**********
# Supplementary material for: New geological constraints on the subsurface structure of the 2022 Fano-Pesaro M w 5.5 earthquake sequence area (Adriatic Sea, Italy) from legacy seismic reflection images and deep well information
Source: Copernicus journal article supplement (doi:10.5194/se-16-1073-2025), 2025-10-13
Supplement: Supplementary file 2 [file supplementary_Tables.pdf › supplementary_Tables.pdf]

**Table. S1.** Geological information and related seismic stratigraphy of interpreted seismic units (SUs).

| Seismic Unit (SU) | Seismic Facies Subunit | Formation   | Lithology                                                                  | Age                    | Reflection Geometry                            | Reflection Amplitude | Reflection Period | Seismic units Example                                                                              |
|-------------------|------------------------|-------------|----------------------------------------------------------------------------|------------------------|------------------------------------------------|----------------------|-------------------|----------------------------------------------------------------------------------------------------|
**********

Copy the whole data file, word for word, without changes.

# Supplementary material for: New geological constraints on the subsurface structure of the 2022 Fano-Pesaro M w 5.5 earthquake sequence area (Adriatic Sea, Italy) from legacy seismic reflection images and deep well information
Source: Copernicus journal article supplement (doi:10.5194/se-16-1073-2025), 2025-10-13
Supplement: Supplementary file 2 [file supplementary_Tables.pdf › supplementary_Tables.pdf]

**Table. S1.** Geological information and related seismic stratigraphy of interpreted seismic units (SUs).

| Seismic Unit (SU) | Seismic Facies Subunit | Formation   | Lithology                                                                  | Age                    | Reflection Geometry                            | Reflection Amplitude | Reflection Period | Seismic units Example                                                                              |
|-------------------|------------------------|-------------|----------------------------------------------------------------------------|------------------------|------------------------------------------------|----------------------|-------------------|----------------------------------------------------------------------------------------------------|